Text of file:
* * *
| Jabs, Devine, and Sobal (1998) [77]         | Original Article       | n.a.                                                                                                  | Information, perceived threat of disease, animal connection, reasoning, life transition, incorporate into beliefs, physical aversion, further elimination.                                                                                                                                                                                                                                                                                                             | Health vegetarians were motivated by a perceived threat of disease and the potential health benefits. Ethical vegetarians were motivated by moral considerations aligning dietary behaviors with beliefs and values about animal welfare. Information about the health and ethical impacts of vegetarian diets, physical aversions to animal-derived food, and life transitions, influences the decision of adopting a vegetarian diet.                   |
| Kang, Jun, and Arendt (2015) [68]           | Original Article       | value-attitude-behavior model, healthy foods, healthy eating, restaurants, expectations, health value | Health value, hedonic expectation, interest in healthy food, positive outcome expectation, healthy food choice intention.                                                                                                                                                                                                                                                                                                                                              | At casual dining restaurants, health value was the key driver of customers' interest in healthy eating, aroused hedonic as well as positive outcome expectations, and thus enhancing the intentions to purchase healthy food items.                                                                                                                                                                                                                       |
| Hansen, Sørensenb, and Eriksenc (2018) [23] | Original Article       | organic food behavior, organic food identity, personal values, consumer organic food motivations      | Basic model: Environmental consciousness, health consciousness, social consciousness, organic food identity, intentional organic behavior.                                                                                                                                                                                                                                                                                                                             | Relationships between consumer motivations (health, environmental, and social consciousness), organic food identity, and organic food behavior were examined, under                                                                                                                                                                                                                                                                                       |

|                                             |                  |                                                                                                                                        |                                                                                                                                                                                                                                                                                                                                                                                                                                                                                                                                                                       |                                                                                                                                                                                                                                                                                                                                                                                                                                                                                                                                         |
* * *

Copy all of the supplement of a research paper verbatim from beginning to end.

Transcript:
| Jabs, Devine, and Sobal (1998) [77]         | Original Article       | n.a.                                                                                                  | Information, perceived threat of disease, animal connection, reasoning, life transition, incorporate into beliefs, physical aversion, further elimination.                                                                                                                                                                                                                                                                                                             | Health vegetarians were motivated by a perceived threat of disease and the potential health benefits. Ethical vegetarians were motivated by moral considerations aligning dietary behaviors with beliefs and values about animal welfare. Information about the health and ethical impacts of vegetarian diets, physical aversions to animal-derived food, and life transitions, influences the decision of adopting a vegetarian diet.                   |
| Kang, Jun, and Arendt (2015) [68]           | Original Article       | value-attitude-behavior model, healthy foods, healthy eating, restaurants, expectations, health value | Health value, hedonic expectation, interest in healthy food, positive outcome expectation, healthy food choice intention.                                                                                                                                                                                                                                                                                                                                              | At casual dining restaurants, health value was the key driver of customers' interest in healthy eating, aroused hedonic as well as positive outcome expectations, and thus enhancing the intentions to purchase healthy food items.                                                                                                                                                                                                                       |
| Hansen, Sørensenb, and Eriksenc (2018) [23] | Original Article       | organic food behavior, organic food identity, personal values, consumer organic food motivations      | Basic model: Environmental consciousness, health consciousness, social consciousness, organic food identity, intentional organic behavior.                                                                                                                                                                                                                                                                                                                             | Relationships between consumer motivations (health, environmental, and social consciousness), organic food identity, and organic food behavior were examined, under                                                                                                                                                                                                                                                                                       |

|                                             |                  |                                                                                                                                        |                                                                                                                                                                                                                                                                                                                                                                                                                                                                                                                                                                       |                                                                                                                                                                                                                                                                                                                                                                                                                                                                                                                                         |